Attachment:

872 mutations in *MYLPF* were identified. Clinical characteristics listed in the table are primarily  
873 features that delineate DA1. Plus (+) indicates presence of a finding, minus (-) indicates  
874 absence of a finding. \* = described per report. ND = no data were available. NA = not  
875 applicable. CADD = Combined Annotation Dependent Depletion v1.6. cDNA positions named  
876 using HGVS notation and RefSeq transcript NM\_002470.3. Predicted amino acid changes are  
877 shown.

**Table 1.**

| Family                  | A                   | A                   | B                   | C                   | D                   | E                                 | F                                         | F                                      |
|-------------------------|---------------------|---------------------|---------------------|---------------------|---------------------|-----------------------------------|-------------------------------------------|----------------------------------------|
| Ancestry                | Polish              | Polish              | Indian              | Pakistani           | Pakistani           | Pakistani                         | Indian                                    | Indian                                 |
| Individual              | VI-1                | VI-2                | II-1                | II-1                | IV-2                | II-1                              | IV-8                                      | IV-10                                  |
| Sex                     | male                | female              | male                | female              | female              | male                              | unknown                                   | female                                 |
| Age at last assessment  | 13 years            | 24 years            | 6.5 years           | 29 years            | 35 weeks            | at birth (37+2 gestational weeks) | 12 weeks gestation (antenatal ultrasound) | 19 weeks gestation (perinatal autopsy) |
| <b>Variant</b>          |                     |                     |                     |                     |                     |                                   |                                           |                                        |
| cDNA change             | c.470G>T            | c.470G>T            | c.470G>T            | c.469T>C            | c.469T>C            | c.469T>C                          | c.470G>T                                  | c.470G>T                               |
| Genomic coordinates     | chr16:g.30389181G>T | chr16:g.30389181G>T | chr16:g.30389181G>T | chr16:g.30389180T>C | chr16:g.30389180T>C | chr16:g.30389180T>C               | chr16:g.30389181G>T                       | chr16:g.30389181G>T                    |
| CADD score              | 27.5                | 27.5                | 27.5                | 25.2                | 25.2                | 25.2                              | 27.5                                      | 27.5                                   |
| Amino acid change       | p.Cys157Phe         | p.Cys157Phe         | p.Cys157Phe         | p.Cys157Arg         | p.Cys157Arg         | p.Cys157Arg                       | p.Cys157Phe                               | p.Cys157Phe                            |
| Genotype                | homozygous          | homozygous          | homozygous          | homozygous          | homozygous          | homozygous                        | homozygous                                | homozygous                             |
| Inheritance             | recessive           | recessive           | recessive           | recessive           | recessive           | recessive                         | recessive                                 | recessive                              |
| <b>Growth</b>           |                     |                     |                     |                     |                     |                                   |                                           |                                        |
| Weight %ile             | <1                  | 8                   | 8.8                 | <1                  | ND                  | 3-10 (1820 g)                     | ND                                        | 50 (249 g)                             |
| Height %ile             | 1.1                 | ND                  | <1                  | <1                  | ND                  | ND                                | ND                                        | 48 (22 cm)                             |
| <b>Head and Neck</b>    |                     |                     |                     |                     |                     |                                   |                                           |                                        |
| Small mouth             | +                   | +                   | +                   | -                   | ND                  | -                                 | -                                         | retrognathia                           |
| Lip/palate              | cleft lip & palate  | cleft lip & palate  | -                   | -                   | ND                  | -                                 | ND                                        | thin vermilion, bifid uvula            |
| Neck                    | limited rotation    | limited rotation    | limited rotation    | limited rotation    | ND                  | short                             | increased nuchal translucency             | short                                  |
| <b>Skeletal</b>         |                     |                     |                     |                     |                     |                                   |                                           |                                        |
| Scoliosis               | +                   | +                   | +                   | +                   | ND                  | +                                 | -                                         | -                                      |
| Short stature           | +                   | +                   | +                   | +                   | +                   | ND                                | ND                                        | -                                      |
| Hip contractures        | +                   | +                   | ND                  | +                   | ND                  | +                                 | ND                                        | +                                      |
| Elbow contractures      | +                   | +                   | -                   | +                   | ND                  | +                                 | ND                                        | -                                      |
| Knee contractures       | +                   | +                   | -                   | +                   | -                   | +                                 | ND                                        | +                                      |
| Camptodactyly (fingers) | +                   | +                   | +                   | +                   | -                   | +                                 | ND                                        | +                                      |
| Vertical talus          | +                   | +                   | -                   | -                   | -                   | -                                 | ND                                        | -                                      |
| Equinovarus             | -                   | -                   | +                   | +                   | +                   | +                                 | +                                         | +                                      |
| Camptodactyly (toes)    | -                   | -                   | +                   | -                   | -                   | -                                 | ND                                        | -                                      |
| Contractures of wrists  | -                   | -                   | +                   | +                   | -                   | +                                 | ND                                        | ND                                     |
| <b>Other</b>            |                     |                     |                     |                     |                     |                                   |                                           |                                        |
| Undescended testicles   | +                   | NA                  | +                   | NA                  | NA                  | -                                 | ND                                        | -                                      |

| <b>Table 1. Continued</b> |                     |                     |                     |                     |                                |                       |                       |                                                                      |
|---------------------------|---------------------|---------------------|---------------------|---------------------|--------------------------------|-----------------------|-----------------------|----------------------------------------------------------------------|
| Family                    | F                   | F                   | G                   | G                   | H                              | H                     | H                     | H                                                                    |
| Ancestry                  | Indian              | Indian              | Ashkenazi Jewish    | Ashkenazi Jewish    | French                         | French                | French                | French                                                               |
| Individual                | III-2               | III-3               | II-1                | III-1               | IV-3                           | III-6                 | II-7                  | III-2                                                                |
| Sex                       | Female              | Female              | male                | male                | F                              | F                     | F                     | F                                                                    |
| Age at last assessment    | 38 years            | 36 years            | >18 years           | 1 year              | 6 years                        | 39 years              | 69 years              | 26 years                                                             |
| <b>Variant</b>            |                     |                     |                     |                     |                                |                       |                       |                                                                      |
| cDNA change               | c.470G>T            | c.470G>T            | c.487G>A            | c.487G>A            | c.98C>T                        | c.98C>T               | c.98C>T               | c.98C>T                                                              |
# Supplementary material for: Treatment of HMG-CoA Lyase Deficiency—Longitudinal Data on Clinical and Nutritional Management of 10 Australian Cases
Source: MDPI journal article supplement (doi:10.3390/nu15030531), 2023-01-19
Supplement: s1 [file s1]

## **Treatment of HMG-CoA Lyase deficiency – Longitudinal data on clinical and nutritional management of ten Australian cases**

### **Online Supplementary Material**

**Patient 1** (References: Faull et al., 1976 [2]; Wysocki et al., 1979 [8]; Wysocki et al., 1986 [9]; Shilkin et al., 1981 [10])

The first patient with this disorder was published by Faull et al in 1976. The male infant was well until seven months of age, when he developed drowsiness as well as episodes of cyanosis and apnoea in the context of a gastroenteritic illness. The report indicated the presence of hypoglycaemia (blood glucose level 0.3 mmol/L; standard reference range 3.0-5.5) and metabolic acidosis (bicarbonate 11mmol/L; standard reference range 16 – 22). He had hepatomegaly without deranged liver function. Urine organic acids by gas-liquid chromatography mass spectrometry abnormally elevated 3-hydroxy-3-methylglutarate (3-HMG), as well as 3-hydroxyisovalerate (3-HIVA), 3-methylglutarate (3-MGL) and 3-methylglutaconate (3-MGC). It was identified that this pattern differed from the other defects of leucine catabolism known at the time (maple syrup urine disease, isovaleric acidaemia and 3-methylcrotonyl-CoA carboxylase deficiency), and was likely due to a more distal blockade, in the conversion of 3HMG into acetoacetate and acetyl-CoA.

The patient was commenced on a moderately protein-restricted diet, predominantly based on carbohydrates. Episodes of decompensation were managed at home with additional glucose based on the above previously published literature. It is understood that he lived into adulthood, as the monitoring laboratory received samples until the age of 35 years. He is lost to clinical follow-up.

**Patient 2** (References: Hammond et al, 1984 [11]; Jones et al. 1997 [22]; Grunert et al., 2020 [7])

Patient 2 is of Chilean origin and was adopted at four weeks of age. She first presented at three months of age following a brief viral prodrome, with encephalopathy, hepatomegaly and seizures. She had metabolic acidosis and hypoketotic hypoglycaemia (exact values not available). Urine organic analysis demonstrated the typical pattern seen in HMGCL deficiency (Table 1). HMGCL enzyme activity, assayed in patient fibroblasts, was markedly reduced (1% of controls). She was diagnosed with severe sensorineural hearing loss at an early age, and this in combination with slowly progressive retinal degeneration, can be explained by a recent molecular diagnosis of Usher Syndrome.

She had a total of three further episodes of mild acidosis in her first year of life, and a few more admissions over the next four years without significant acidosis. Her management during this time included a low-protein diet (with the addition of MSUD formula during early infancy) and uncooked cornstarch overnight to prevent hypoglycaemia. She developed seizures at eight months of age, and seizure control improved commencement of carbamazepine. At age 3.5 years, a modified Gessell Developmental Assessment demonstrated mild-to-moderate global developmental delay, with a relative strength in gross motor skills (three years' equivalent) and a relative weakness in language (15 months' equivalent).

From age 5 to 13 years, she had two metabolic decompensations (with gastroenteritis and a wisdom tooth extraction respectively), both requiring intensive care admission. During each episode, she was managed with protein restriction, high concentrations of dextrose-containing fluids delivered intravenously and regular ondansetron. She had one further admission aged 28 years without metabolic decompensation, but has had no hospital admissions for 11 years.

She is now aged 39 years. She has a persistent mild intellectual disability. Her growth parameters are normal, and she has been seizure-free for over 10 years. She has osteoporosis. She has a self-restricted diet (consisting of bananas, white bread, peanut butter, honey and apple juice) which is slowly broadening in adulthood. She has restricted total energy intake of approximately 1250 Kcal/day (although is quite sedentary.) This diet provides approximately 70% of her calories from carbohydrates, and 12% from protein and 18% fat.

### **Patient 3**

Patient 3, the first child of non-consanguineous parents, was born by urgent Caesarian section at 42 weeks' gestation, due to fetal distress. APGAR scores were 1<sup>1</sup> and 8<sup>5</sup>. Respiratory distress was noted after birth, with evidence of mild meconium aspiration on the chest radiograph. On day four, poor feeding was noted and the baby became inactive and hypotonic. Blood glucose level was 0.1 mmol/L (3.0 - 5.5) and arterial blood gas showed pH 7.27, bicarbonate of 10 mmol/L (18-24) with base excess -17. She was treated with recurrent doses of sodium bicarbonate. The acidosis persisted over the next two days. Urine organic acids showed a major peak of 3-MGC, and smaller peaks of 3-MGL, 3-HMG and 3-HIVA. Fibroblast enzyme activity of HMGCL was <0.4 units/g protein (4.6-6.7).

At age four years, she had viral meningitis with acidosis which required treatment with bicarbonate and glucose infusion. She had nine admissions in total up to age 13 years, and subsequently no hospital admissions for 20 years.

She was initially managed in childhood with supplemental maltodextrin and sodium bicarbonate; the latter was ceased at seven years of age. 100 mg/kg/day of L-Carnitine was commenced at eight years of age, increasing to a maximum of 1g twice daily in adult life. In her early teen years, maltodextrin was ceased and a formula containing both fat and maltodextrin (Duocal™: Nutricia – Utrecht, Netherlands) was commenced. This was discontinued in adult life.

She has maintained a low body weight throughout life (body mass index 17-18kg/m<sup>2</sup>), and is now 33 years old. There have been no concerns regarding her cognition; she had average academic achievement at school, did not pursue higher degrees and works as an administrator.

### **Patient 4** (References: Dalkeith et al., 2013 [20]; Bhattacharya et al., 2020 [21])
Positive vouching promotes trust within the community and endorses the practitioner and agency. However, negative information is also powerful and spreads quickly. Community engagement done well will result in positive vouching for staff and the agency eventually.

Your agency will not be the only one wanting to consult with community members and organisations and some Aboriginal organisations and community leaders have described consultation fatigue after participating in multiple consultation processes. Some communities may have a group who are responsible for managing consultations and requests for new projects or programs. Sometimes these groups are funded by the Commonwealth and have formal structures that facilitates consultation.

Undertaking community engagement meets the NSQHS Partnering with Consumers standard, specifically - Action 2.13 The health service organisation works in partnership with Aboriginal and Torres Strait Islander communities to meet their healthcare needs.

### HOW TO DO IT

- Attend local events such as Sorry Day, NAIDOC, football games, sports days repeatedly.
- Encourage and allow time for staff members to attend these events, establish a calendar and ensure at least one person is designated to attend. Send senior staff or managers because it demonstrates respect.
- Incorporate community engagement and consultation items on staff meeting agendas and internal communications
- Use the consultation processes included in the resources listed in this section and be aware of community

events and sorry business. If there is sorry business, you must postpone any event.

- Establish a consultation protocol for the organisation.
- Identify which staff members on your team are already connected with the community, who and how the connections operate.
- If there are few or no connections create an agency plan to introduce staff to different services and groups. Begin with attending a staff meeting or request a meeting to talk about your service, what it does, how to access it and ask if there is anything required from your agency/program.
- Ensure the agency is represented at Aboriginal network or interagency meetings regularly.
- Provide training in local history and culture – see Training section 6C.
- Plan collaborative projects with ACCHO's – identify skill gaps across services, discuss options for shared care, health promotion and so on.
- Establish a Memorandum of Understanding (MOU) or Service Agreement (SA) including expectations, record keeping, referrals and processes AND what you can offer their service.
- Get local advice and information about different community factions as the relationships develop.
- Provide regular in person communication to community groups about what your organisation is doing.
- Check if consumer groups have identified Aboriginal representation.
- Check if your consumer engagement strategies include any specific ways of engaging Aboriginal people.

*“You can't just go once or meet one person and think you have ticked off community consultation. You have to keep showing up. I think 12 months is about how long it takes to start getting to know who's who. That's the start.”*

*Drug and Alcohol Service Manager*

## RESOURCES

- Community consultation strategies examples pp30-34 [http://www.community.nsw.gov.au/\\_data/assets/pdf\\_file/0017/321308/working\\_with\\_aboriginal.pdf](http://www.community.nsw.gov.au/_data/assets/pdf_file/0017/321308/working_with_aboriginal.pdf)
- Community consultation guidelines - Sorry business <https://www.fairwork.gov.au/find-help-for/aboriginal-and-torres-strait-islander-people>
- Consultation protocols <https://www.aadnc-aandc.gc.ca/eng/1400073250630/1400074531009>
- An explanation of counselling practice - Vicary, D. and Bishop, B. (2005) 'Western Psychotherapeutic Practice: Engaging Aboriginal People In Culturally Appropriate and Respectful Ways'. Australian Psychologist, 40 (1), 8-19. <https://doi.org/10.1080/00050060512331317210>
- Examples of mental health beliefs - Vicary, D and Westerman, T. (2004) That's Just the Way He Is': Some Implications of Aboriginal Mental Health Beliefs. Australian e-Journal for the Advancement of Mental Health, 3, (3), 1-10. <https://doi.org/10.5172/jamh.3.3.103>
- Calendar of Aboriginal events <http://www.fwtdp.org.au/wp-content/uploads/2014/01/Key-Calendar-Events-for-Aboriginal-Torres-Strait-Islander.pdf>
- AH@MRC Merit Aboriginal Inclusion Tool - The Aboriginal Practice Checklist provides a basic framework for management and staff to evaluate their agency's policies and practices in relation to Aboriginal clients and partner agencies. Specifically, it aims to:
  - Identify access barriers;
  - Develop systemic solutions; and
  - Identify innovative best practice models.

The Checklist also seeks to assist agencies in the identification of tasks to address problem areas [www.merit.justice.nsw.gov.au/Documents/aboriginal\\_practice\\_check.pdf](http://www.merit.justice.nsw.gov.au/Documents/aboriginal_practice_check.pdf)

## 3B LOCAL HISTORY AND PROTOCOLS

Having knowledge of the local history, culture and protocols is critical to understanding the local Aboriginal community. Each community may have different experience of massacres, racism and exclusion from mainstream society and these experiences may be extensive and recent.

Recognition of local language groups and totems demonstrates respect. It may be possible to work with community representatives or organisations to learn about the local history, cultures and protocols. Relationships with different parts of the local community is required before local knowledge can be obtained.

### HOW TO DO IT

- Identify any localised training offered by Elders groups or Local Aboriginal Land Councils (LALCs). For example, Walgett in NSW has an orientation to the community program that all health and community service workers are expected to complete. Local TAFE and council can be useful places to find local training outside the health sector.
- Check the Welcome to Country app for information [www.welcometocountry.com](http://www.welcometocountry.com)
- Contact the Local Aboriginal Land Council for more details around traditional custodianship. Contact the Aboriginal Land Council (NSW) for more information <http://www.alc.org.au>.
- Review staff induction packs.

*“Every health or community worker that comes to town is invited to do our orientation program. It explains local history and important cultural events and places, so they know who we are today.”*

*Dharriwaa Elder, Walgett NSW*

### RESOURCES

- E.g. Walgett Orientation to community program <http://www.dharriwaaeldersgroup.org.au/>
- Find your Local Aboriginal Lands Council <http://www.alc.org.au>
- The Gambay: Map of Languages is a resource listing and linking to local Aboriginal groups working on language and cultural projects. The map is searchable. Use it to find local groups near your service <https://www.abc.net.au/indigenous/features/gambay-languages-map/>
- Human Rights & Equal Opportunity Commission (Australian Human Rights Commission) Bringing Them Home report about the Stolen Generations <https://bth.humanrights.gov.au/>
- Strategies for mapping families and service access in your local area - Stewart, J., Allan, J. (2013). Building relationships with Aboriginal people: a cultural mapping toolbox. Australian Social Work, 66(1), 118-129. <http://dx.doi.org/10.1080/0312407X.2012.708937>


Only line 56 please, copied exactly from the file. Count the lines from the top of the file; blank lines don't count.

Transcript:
The first patient with this disorder was published by Faull et al in 1976. The male infant was well until seven months of age, when he developed drowsiness as well as episodes of cyanosis and apnoea in the context of a gastroenteritic illness. The report indicated the presence of hypoglycaemia (blood glucose level 0.3 mmol/L; standard reference range 3.0-5.5) and metabolic acidosis (bicarbonate 11mmol/L; standard reference range 16 – 22). He had hepatomegaly without deranged liver function. Urine organic acids by gas-liquid chromatography mass spectrometry abnormally elevated 3-hydroxy-3-methylglutarate (3-HMG), as well as 3-hydroxyisovalerate (3-HIVA), 3-methylglutarate (3-MGL) and 3-methylglutaconate (3-MGC). It was identified that this pattern differed from the other defects of leucine catabolism known at the time (maple syrup urine disease, isovaleric acidaemia and 3-methylcrotonyl-CoA carboxylase deficiency), and was likely due to a more distal blockade, in the conversion of 3HMG into acetoacetate and acetyl-CoA.